A Passion for Plants: The tallest grass in the world

SACRED SPACE A bamboo forest isn’t always practical, but with the right varietals, anyone can enjoy their own piece of serenity.

Bamboo. Do you love it or hate it? If you don’t think you like bamboo, let me try to change your mind. To start with, bamboo is a collective common name for hundreds (thousands?) of different plants (technically grasses). Bamboo can be less than a foot tall (at maturity) to more than 100 feet tall. The stems can be golden, black, striped or bulbous, the leaves can be from an inch long to 2 feet long, green, striped or edged in yellow or white.

In other parts of the world, bamboo is used for building and scaffolding, bridges and fences. In this country you can find bamboo furniture, fishing rods, plant stakes, clothing and even weapons.

But all that is what can be done after harvesting bamboo, and we’re more interested in the ones that are still growing.

First, it’s important to know there are two general types of bamboo, running and clumping. The names say it all. Clumping bamboo tends to stay where you plant it. The clump will enlarge a little bit every year, but is polite and willing to obey boundaries.

Running bamboo is the type that, when planted in the wrong spot, can become a problem. Bamboo rhizomes can travel underground for as many as 5 feet from the original plant before sending new shoots skyward. The rhizomes can go under and around many shallow barriers and suddenly appear in a totally unexpected and unfortunate location.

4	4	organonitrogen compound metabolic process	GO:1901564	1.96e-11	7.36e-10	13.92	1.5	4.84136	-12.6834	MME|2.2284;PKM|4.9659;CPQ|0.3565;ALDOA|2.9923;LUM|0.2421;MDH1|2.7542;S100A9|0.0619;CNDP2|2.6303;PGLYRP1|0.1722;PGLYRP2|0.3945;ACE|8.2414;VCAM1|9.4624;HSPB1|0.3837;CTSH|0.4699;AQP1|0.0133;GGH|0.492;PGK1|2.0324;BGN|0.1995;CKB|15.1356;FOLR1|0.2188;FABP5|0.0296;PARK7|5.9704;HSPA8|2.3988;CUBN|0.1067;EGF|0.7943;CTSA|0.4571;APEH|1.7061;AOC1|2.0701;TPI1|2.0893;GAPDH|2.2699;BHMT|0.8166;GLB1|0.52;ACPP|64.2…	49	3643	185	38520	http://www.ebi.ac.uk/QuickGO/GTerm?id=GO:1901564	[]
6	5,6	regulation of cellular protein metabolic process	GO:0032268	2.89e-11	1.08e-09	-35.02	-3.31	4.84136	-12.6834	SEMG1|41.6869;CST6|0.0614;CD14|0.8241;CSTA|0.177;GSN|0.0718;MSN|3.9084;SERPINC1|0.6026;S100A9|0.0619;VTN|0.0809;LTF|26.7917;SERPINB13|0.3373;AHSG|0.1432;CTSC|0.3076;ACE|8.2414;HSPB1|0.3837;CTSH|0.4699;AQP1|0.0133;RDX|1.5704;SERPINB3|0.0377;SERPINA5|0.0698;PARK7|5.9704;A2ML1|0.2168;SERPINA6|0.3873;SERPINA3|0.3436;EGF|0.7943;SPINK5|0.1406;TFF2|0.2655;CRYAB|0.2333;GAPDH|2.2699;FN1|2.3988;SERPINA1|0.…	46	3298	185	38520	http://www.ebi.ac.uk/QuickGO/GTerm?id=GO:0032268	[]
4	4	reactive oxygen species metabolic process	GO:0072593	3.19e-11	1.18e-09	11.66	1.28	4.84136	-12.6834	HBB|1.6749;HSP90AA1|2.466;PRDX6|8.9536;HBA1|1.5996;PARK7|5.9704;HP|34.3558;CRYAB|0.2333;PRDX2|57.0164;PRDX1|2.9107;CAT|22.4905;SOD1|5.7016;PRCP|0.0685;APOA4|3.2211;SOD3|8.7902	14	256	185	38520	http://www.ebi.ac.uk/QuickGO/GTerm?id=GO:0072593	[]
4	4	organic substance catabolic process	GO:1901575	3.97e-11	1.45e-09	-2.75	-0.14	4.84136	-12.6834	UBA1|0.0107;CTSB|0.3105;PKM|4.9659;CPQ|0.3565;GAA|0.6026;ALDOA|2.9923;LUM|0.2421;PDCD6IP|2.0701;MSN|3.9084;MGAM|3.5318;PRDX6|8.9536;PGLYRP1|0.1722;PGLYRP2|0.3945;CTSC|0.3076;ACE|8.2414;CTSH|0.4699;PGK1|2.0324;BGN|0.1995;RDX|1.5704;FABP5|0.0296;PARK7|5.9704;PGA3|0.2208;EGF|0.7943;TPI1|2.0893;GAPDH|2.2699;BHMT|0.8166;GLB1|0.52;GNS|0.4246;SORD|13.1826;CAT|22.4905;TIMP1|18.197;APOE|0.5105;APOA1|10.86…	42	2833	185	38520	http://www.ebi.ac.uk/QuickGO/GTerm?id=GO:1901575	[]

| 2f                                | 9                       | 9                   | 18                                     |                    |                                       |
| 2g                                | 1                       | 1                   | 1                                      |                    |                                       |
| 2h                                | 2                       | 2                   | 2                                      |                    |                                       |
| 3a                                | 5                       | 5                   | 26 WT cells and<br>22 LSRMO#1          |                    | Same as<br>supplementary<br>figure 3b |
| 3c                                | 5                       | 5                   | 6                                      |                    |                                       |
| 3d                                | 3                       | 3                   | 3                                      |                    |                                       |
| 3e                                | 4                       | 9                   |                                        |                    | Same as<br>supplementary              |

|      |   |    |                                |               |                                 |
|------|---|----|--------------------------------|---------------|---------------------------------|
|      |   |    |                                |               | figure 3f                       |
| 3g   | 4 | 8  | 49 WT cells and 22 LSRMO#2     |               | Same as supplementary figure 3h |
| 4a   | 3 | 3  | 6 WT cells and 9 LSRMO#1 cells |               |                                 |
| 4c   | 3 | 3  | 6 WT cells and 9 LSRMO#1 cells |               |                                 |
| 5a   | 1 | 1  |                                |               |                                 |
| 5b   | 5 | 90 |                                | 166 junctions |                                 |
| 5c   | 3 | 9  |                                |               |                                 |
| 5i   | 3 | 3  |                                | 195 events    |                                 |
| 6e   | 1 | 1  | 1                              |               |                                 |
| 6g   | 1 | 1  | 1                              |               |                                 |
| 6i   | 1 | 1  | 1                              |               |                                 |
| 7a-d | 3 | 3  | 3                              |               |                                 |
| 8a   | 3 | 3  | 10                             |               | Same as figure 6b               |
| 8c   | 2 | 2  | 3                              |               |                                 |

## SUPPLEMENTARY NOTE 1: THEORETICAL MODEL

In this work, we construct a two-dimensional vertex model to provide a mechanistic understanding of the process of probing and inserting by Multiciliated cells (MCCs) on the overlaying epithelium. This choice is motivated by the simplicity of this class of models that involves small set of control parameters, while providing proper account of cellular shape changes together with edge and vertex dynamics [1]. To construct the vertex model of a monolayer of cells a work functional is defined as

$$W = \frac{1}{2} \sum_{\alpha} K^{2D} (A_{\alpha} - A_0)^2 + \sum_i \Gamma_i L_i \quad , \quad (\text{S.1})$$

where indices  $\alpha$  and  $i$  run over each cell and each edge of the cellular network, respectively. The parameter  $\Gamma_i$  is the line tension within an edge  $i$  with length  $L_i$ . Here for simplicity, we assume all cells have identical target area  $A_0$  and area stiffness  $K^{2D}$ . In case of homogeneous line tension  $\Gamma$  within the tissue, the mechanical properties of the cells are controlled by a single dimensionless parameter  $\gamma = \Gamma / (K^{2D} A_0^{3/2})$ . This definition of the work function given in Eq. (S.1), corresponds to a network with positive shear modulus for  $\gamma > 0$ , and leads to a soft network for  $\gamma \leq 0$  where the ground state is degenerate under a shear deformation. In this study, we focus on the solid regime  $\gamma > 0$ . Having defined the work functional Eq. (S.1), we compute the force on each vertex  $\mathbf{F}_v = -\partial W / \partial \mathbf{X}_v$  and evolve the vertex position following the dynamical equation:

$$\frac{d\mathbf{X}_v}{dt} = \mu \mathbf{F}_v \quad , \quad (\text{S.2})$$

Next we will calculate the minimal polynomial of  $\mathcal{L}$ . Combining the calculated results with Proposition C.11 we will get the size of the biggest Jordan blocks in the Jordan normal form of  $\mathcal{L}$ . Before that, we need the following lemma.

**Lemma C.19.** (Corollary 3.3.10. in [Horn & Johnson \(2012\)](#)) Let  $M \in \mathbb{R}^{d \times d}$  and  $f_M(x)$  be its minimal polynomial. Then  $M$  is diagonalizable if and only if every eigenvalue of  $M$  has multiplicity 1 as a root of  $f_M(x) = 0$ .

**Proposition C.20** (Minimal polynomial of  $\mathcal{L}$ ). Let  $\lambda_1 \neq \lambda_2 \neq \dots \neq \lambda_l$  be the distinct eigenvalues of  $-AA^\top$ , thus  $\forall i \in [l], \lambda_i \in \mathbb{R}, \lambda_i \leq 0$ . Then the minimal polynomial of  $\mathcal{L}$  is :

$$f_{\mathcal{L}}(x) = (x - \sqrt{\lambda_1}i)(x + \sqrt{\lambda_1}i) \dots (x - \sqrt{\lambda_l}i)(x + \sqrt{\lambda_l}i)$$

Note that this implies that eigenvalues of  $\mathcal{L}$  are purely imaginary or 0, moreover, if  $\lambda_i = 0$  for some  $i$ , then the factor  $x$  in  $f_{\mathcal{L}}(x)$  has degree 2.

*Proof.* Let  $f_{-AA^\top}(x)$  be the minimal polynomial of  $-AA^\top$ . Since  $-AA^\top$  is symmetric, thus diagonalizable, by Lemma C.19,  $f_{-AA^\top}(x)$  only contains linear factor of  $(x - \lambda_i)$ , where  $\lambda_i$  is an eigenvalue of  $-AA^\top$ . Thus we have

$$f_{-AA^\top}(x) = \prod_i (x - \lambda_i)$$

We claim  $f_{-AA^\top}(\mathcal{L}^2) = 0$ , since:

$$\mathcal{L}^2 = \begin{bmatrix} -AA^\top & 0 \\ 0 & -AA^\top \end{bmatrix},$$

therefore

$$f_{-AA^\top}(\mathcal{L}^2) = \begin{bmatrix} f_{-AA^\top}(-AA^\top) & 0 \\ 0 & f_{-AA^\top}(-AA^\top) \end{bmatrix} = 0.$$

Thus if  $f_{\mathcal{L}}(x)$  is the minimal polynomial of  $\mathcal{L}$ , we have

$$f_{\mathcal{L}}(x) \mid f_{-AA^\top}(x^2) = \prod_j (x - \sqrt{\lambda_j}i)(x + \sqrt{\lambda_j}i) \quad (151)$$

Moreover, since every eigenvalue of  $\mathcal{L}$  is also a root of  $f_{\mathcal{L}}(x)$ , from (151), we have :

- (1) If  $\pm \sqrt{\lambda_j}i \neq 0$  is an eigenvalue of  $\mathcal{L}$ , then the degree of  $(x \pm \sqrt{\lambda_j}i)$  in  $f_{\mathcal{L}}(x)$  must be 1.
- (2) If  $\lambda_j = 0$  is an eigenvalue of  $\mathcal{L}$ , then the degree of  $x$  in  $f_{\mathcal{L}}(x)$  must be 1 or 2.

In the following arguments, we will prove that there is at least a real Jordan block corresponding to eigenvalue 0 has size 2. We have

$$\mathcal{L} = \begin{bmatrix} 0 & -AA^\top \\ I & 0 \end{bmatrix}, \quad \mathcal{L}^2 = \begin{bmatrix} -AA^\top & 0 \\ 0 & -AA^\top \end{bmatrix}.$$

Control depends on knowledge. It is possible to control a running bamboo by simply cutting the young rhizomes with a spade plunged straight down into the soil and following up with breaking off any young shoots that arise from the severed roots.

I admire the simple beauty of golden bamboo, and love black bamboo for the contrast between black stems and green leaves. These are two of the most familiar running bamboos. Indocalamus tessellatus is much less common, but is one of the drama queens of the bamboo world with the largest leaves of all, reaching almost 2 feet long.

Contrast that with Pleioblastus pygmaeus, a dwarf runner. This bamboo has tiny leaves and a short stature. It is such an aggressive grower that it can be used to stabilize slopes and for erosion control. Uncontrolled height can be a rangy 18 inches tall, but occasional mowing will keep it compact and very tidy in appearance.

In general, clumping bamboo comes from the more temperate parts of the world, and some are quite tropical. The hardier varieties are worth the search, not only because of their obliging habit, but also for their beauty. Mexican weeping bamboo (Otatea acuminata aztectorum) is a lovely thing, with narrow, delicate leaves and a graceful, weeping habit.

Most bamboo grow best in rich, moist soil with regular water when first planted. Some will tolerate considerable drought after they are well established. Many prefer shade to full sun.

The Bamboo Garden at Foothill College has some 70 varieties planted in the ground, it’s a great place to view established plantings.

Nancy Schramm is the third generation owner of Carman’s Nursery. She and her husband have lived in Gilroy for more than 30 years. Contact her at 408.847.2313 or visit carmansnursery.com.

 

Nancy Schramm

Nancy Schramm

Nancy Schramm is the third generation owner of Carman’s Nursery. She and her husband have lived in Gilroy for more than 30 years. Contact her at 408.847.22313 or visit www.carmansnursery.com
Nancy Schramm

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About Nancy Schramm
Nancy Schramm is the third generation owner of Carman's Nursery. She and her husband have lived in Gilroy for more than 30 years. Contact her at 408.847.22313 or visit www.carmansnursery.com